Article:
NPR (AUDIO): Redistricting: What Happens When The Party With Power Gives Themselves More
STEPHANIE GOMEZ: So, you know, we got the text. Like, the maps are out. These are the maps that we have been waiting for.
CHANG: Stephanie Gomez is associate director of Common Cause Texas, a nonprofit that works on issues like voting and elections. She was waiting eagerly on Monday when Republican state lawmakers released their first draft of the new congressional map.
GOMEZ: I don't know if I'm allowed to cuss, but it was very like, oh, hell, like, it's - the maps are out. It was just - everyone open up the maps, and let's just - let's take a look at everything.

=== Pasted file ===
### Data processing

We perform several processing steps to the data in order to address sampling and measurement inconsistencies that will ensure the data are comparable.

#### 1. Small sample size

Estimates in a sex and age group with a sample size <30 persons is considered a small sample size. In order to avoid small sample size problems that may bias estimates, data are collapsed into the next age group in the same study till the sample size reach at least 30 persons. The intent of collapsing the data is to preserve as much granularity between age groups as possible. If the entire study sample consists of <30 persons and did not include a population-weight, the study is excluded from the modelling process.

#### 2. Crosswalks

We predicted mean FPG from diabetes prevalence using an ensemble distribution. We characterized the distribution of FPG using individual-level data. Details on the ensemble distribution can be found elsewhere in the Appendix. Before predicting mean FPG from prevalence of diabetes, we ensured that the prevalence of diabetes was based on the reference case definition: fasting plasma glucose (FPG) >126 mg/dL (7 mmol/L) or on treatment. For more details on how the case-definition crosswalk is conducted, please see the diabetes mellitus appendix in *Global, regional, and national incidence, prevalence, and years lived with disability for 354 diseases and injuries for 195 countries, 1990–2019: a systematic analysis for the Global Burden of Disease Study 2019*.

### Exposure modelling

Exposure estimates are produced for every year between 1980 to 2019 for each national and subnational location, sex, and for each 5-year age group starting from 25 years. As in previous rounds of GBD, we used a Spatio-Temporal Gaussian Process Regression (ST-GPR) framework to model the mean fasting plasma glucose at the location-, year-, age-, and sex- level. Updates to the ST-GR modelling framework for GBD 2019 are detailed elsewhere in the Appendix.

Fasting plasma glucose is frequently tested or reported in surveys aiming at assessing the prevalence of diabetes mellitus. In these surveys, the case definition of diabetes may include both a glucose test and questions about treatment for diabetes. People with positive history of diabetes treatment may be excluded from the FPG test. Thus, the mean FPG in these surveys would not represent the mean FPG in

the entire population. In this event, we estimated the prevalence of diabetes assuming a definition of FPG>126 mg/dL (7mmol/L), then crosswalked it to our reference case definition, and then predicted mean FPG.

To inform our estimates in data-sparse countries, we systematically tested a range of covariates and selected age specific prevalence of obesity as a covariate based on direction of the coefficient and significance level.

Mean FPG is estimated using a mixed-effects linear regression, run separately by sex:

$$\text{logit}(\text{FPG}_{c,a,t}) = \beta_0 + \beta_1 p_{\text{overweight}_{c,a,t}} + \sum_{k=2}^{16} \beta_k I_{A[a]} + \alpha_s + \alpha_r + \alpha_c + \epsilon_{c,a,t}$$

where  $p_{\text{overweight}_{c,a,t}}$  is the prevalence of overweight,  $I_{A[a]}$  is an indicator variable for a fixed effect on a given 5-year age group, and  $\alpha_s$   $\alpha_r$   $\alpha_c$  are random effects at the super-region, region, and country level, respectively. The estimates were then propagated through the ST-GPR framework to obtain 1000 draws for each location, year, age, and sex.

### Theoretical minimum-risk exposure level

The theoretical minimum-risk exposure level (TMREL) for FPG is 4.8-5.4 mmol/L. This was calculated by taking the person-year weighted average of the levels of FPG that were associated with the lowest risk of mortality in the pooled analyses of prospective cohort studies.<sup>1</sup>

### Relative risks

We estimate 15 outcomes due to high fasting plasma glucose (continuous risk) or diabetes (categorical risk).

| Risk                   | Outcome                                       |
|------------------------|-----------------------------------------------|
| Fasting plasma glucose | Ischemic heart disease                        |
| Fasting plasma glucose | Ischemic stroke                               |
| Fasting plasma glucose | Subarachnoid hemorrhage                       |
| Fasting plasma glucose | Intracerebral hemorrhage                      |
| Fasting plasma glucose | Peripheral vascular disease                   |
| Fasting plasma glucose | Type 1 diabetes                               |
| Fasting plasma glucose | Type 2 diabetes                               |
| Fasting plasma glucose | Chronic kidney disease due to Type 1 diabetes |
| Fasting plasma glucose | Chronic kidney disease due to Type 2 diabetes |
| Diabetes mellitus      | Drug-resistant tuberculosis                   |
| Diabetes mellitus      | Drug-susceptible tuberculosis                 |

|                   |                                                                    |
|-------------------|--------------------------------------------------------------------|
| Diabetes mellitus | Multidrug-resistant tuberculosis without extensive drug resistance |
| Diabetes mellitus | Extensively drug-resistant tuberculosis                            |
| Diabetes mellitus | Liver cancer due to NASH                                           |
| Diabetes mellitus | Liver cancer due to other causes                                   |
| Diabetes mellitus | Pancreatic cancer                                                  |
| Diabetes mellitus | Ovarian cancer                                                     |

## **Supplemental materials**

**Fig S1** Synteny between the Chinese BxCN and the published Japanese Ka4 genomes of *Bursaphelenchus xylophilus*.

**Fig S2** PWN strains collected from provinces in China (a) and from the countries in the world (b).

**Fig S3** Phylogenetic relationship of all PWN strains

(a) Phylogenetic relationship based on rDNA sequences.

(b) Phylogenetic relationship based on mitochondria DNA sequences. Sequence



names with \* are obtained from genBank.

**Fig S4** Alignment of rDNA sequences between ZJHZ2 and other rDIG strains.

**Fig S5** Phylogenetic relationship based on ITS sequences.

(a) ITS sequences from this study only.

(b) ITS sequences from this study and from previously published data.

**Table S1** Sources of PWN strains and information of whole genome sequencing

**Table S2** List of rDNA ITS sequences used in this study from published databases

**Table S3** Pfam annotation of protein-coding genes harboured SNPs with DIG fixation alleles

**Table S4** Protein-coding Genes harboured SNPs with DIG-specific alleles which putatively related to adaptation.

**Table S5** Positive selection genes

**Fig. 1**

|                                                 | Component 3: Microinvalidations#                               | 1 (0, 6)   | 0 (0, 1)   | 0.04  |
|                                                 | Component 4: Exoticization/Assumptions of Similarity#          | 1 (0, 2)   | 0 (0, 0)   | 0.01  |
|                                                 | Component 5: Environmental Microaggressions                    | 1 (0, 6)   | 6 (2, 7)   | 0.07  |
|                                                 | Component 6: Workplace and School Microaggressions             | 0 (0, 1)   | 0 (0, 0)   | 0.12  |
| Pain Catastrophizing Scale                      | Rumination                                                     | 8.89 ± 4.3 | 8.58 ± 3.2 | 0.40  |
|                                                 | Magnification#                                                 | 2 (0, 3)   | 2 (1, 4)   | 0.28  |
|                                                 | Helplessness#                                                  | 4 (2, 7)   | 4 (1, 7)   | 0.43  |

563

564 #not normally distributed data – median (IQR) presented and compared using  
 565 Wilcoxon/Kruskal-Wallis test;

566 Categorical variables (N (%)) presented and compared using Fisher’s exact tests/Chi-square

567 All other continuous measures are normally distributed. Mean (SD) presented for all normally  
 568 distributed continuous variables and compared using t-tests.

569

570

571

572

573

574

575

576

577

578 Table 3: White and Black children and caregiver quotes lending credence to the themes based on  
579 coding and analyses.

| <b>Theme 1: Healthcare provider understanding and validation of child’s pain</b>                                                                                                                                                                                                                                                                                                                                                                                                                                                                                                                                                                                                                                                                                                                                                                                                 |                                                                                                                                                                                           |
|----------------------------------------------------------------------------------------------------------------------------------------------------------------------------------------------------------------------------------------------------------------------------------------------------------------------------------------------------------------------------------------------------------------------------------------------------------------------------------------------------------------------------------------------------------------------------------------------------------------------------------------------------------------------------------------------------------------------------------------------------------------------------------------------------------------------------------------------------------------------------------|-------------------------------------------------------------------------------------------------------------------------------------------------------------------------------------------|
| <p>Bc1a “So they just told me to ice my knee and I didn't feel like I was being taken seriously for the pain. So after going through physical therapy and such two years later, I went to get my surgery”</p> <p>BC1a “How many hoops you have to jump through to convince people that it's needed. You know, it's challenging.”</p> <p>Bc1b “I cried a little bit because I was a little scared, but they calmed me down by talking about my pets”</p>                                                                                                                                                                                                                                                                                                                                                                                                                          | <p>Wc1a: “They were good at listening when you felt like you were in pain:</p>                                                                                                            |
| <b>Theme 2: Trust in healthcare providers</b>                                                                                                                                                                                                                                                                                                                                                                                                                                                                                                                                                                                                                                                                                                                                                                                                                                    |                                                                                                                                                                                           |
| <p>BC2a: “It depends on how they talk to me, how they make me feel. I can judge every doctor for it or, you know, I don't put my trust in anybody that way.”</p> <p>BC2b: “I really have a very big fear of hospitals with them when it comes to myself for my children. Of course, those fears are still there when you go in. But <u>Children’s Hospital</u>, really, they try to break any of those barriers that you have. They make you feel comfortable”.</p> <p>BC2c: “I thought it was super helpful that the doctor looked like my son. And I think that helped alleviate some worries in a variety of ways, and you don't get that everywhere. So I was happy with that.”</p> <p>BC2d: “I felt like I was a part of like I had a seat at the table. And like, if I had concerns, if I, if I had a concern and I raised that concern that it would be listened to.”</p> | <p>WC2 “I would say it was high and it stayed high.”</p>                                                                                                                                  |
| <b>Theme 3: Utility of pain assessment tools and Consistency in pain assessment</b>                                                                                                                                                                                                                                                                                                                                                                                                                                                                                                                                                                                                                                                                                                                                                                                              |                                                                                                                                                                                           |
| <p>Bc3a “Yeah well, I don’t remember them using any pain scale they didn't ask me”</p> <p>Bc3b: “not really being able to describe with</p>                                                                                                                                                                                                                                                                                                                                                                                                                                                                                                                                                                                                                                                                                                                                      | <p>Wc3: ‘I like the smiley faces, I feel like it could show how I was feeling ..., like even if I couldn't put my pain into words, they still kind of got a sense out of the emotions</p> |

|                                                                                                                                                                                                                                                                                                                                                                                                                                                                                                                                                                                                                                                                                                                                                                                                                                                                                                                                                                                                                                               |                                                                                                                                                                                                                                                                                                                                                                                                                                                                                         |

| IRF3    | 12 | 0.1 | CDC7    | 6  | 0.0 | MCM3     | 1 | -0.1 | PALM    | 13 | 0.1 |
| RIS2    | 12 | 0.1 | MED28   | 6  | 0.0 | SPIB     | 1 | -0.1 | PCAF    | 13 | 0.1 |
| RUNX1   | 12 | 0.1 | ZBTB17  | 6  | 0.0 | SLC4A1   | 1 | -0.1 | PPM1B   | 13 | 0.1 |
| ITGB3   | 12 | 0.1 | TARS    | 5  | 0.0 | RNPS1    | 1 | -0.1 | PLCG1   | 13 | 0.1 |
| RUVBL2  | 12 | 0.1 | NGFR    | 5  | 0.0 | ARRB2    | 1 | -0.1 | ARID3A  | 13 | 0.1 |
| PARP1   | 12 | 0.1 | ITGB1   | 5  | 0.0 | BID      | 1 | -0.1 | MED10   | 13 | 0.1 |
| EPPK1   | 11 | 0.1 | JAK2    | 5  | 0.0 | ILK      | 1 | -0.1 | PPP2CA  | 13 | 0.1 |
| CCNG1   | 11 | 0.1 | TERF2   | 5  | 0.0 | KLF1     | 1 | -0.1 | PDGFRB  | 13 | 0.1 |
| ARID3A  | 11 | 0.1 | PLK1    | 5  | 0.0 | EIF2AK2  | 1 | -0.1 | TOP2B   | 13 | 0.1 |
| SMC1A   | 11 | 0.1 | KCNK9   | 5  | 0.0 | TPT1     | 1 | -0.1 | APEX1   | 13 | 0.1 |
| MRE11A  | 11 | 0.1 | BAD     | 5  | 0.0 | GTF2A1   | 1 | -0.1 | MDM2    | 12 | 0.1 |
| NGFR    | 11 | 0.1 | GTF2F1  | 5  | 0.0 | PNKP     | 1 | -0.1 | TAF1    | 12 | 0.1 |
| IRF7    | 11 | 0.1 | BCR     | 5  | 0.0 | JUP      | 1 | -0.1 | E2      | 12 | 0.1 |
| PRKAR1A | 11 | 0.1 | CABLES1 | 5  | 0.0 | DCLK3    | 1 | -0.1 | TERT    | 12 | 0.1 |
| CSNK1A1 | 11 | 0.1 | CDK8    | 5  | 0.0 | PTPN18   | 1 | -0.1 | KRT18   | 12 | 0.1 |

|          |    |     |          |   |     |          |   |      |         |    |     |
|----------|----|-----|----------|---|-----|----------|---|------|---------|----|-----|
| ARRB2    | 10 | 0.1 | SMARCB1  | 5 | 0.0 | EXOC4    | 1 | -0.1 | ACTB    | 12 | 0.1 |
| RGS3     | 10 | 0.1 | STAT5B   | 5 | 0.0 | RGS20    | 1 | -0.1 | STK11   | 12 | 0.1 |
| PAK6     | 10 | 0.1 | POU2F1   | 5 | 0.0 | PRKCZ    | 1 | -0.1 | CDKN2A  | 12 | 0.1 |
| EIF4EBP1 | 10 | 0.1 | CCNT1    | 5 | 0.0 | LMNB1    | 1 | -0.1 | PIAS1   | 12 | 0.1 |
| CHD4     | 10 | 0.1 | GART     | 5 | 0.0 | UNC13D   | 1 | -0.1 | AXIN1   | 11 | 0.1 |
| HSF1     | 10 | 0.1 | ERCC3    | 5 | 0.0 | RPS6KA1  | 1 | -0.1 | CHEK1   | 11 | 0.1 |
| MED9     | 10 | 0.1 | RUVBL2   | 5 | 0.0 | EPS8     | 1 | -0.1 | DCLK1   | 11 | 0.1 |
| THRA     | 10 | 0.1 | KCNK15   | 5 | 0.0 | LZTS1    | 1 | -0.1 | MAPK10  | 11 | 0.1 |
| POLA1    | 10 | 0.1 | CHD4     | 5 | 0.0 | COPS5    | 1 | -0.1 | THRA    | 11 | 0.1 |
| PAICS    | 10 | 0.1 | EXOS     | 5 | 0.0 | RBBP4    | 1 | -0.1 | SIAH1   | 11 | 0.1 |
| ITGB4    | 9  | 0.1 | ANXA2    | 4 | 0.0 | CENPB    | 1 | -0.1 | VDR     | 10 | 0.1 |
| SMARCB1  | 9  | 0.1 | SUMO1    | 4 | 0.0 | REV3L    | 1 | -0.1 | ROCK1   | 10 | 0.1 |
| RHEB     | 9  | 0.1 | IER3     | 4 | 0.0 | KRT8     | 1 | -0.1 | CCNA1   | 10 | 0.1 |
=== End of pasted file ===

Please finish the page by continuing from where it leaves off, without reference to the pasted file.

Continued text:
CHANG: So remember all that population growth we mentioned in Texas? It's been driven almost entirely by people of color. And it's the reason that Texas next year will gain two more seats in the U.S. House of Representatives, where seats are allocated by state population.
GOMEZ: Of course, our eyes were like, OK, we're supposed to get two opportunity districts for minorities. Let's see where they end up putting those.
CHANG: When Gomez got a closer look at the new Texas maps, she saw what many Democrats expected and feared. You see, the state's new map would actually reduce the number of congressional districts where voters of color are in the majority, and the map would protect Republican incumbents who might have been vulnerable by packing their districts with even more Trump supporters. The Princeton Gerrymandering Project, which grades redistricting maps on things like how compact or competitive the districts are, gave the Texas congressional map a flat-out F.
GOMEZ: It's so hard to be a Texan who is fighting for an equitable democracy. Like, we are constantly being met with our deepest, worst fears.